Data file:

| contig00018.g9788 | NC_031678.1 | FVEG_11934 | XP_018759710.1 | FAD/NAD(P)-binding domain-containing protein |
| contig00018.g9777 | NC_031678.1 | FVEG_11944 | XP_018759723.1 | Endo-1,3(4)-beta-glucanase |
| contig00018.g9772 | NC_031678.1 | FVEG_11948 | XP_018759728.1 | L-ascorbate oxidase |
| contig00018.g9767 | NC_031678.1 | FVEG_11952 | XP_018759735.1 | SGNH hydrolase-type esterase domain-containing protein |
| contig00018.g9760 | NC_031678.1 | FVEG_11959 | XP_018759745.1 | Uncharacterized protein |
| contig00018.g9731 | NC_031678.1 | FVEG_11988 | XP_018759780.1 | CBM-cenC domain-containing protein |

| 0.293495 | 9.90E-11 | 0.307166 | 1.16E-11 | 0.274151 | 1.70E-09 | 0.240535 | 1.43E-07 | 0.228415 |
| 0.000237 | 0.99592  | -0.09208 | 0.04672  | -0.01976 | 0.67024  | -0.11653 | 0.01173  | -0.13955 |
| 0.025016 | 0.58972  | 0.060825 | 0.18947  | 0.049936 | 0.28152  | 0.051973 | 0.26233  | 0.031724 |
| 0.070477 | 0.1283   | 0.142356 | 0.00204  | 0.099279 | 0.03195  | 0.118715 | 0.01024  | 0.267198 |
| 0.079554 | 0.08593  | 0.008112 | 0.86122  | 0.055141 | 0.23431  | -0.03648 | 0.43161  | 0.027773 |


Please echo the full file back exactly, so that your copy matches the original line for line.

| contig00018.g9788 | NC_031678.1 | FVEG_11934 | XP_018759710.1 | FAD/NAD(P)-binding domain-containing protein |
| contig00018.g9777 | NC_031678.1 | FVEG_11944 | XP_018759723.1 | Endo-1,3(4)-beta-glucanase |
| contig00018.g9772 | NC_031678.1 | FVEG_11948 | XP_018759728.1 | L-ascorbate oxidase |
| contig00018.g9767 | NC_031678.1 | FVEG_11952 | XP_018759735.1 | SGNH hydrolase-type esterase domain-containing protein |
| contig00018.g9760 | NC_031678.1 | FVEG_11959 | XP_018759745.1 | Uncharacterized protein |
| contig00018.g9731 | NC_031678.1 | FVEG_11988 | XP_018759780.1 | CBM-cenC domain-containing protein |

| 0.293495 | 9.90E-11 | 0.307166 | 1.16E-11 | 0.274151 | 1.70E-09 | 0.240535 | 1.43E-07 | 0.228415 |
| 0.000237 | 0.99592  | -0.09208 | 0.04672  | -0.01976 | 0.67024  | -0.11653 | 0.01173  | -0.13955 |
| 0.025016 | 0.58972  | 0.060825 | 0.18947  | 0.049936 | 0.28152  | 0.051973 | 0.26233  | 0.031724 |
| 0.070477 | 0.1283   | 0.142356 | 0.00204  | 0.099279 | 0.03195  | 0.118715 | 0.01024  | 0.267198 |
| 0.079554 | 0.08593  | 0.008112 | 0.86122  | 0.055141 | 0.23431  | -0.03648 | 0.43161  | 0.027773 |